Source: U.S. Energy Information Administration, U.S. Crude Oil and Natural Gas Proved Reserves
U.S. crude oil and lease condensate proved reserves rose for the fifth consecutive year in 2013, increasing by 9% from the 2012 level to 36.5 billion barrels, according to the U.S. Crude Oil and Natural Gas Proved Reserves, 2013 report released yesterday by the U.S. Energy Information Administration (EIA). U.S. crude oil and lease condensate proved reserves surpassed 36 billion barrels for the first time since 1975. .....
...Continued development of the Bakken/Three Forks play in North Dakota accounted for a large portion of the reserves additions, and overall, tight oil plays accounted for almost 30% of all U.S. crude oil and lease condensate proved reserves.... read more here
More on Secret CBR Routes From Pro-Publica:
Towns and cities across America are often unaware that crude oil is being transported across their borders, and ill-equipped to handle a potential crude oil fire. Though the routes taken by crude-bearing trains is hidden from the public, safety-incident data collected by the train companies and reported to the U.S. government reveals some of the routes. Related Story »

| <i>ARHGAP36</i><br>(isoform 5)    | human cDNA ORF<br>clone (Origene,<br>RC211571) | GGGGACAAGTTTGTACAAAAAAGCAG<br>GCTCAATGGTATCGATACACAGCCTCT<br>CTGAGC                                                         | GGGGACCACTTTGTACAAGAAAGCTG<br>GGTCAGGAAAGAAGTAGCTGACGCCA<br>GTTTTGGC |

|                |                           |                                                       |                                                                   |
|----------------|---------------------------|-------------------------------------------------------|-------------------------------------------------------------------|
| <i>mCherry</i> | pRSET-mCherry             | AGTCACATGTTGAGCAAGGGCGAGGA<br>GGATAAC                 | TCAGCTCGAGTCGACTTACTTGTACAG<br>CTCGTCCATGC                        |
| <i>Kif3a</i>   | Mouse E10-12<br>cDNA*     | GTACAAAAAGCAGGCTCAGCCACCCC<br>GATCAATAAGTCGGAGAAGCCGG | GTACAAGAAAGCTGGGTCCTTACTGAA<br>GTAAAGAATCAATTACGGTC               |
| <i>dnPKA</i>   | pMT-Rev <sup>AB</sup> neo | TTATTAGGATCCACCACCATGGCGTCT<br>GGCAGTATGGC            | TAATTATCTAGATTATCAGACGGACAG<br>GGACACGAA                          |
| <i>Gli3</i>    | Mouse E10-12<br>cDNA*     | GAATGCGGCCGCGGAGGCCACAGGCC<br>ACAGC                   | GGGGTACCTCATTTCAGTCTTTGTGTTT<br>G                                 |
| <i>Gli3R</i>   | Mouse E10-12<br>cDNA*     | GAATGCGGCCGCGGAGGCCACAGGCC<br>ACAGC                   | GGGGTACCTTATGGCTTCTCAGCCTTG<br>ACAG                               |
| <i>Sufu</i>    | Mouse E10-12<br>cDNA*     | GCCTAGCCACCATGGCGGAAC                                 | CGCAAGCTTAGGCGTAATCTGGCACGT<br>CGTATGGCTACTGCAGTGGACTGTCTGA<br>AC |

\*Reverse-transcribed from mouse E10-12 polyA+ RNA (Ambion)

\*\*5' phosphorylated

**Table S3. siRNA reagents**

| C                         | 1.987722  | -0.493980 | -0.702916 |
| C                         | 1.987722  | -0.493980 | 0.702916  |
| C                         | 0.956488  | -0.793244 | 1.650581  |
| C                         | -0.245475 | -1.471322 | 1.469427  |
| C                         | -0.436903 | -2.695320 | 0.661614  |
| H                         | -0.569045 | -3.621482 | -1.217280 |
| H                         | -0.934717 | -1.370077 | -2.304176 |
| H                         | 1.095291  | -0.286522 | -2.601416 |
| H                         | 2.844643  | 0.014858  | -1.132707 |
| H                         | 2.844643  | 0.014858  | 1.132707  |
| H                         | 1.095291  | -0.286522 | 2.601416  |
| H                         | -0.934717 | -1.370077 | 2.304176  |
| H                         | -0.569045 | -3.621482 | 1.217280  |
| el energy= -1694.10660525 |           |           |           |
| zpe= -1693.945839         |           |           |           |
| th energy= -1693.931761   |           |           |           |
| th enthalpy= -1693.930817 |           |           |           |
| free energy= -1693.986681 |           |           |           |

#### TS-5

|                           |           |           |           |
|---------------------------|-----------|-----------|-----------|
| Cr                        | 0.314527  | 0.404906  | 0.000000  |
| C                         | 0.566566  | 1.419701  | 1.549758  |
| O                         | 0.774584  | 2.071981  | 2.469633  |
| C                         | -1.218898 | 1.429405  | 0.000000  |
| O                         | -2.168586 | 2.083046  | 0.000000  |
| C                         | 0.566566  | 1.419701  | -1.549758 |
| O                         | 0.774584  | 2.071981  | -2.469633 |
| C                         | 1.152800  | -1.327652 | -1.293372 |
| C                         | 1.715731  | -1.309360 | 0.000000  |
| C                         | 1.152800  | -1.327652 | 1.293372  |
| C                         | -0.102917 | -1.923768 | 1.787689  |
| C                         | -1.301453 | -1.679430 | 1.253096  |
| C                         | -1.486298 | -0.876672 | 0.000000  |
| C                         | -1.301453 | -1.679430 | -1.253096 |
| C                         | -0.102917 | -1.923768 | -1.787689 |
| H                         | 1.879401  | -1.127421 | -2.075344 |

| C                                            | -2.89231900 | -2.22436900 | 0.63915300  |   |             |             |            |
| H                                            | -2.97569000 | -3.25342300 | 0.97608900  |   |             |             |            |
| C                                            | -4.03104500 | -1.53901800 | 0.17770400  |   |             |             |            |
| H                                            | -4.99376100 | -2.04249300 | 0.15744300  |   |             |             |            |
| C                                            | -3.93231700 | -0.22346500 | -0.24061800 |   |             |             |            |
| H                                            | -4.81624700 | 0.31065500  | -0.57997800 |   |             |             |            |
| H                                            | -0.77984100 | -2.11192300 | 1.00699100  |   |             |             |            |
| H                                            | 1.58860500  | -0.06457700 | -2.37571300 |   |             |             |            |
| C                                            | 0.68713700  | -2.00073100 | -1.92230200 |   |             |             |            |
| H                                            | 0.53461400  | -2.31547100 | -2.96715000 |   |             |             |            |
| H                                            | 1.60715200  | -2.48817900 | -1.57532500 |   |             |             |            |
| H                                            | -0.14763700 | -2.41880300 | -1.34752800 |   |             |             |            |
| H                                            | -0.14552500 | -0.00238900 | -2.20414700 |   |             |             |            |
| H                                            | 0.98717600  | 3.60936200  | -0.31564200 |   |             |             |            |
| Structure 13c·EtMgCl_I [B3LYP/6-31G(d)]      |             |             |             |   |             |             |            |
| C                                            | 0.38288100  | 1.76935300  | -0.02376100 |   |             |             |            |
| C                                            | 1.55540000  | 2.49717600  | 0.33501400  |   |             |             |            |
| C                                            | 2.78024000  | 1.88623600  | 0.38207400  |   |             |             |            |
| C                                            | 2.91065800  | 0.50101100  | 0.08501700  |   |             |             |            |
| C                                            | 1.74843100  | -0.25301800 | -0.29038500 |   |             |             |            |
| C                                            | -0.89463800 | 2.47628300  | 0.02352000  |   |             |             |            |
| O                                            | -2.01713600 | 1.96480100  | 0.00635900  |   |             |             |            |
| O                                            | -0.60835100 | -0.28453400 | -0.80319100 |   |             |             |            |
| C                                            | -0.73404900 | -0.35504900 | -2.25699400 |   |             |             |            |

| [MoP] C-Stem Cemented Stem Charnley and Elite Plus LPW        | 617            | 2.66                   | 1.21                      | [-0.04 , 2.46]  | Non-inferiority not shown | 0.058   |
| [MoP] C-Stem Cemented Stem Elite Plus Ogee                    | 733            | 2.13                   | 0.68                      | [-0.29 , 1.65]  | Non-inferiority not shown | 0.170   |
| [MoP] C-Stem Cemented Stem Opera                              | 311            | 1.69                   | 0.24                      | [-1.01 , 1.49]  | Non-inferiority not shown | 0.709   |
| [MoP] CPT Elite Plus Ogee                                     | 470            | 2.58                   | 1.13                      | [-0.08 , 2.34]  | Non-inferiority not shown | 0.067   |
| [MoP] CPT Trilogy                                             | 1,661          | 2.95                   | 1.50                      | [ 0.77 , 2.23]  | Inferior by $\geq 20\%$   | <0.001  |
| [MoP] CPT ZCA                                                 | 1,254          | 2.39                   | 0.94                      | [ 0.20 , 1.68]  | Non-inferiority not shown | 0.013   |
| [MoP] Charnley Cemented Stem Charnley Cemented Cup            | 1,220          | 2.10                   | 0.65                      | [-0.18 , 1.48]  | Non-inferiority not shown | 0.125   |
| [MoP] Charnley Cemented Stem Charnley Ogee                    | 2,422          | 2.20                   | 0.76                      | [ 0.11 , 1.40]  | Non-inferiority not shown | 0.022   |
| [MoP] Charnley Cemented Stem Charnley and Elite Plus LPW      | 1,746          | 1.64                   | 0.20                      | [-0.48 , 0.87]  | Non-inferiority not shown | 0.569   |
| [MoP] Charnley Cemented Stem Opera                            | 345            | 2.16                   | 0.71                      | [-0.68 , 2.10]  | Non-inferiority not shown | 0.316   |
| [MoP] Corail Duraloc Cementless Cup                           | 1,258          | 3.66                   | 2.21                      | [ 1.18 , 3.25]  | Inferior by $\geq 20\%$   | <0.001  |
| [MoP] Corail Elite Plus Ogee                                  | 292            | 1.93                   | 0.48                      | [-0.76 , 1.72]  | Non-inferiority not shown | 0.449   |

A searchable database of incident reports can be found here: Pipeline and Hazardous Materials Safety Administration
At a Senate Commerce Committee hearing Wednesday that focused primarily on President Obama’s nominee to head the National Highway Traffic Safety Administration, Sen. Claire McCaskill, D- Mo., took time to question Carlos Monje, the nominee to be assistant secretary of transportation, about Bakken oil moving across her state.
“I think a pipeline is the safest way to move it, not rail,” she told Monje, noting that she voted to approve the Keystone XL pipeline, though which some Bakken crude would move, if it’s built.
“I have heard from local first responders both in Kansas City and St. Louis. While we’ve had some crude by rail accidents, they have primarily been in more rural locations,” she said. “Obviously if that were to occur in a major metropolitan area like Kansas City or St. Louis, we would have a much more significant problem to deal with.”
She said the urban first responders worry that “they’re not getting enough information about what is the right response, what is the best response. They fear that they’re not as trained and as knowledgeable as they need to be on this issue.” ..... read more here